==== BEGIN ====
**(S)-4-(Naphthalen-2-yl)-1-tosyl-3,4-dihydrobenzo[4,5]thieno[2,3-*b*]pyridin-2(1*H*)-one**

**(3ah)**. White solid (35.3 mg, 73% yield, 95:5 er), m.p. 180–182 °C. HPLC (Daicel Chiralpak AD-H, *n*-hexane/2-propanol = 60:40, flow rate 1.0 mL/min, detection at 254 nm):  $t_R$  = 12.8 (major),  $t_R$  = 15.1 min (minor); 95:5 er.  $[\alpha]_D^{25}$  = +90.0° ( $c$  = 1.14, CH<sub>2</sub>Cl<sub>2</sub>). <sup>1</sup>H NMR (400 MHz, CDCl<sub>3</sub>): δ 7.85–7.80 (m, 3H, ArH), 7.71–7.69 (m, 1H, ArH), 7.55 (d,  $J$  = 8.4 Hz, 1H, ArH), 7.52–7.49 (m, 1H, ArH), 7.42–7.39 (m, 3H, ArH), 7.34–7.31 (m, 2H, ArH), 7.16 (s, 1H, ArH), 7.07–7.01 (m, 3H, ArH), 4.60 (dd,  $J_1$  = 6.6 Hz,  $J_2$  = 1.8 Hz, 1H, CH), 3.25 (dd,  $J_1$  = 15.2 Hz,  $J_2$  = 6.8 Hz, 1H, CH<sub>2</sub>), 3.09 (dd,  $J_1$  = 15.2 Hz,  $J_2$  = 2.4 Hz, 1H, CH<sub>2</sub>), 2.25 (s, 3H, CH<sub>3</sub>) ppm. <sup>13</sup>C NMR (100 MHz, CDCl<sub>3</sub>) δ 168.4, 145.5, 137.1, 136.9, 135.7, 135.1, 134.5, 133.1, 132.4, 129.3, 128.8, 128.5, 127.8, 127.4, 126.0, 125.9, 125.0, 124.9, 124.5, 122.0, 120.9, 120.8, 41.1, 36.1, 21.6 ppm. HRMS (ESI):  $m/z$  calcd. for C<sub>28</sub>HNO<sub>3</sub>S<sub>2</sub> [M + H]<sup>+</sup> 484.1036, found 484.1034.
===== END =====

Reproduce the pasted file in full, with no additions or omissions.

**(S)-4-(Naphthalen-2-yl)-1-tosyl-3,4-dihydrobenzo[4,5]thieno[2,3-*b*]pyridin-2(1*H*)-one**

**(3ah)**. White solid (35.3 mg, 73% yield, 95:5 er), m.p. 180–182 °C. HPLC (Daicel Chiralpak AD-H, *n*-hexane/2-propanol = 60:40, flow rate 1.0 mL/min, detection at 254 nm):  $t_R$  = 12.8 (major),  $t_R$  = 15.1 min (minor); 95:5 er.  $[\alpha]_D^{25}$  = +90.0° ( $c$  = 1.14, CH<sub>2</sub>Cl<sub>2</sub>). <sup>1</sup>H NMR (400 MHz, CDCl<sub>3</sub>): δ 7.85–7.80 (m, 3H, ArH), 7.71–7.69 (m, 1H, ArH), 7.55 (d,  $J$  = 8.4 Hz, 1H, ArH), 7.52–7.49 (m, 1H, ArH), 7.42–7.39 (m, 3H, ArH), 7.34–7.31 (m, 2H, ArH), 7.16 (s, 1H, ArH), 7.07–7.01 (m, 3H, ArH), 4.60 (dd,  $J_1$  = 6.6 Hz,  $J_2$  = 1.8 Hz, 1H, CH), 3.25 (dd,  $J_1$  = 15.2 Hz,  $J_2$  = 6.8 Hz, 1H, CH<sub>2</sub>), 3.09 (dd,  $J_1$  = 15.2 Hz,  $J_2$  = 2.4 Hz, 1H, CH<sub>2</sub>), 2.25 (s, 3H, CH<sub>3</sub>) ppm. <sup>13</sup>C NMR (100 MHz, CDCl<sub>3</sub>) δ 168.4, 145.5, 137.1, 136.9, 135.7, 135.1, 134.5, 133.1, 132.4, 129.3, 128.8, 128.5, 127.8, 127.4, 126.0, 125.9, 125.0, 124.9, 124.5, 122.0, 120.9, 120.8, 41.1, 36.1, 21.6 ppm. HRMS (ESI):  $m/z$  calcd. for C<sub>28</sub>HNO<sub>3</sub>S<sub>2</sub> [M + H]<sup>+</sup> 484.1036, found 484.1034.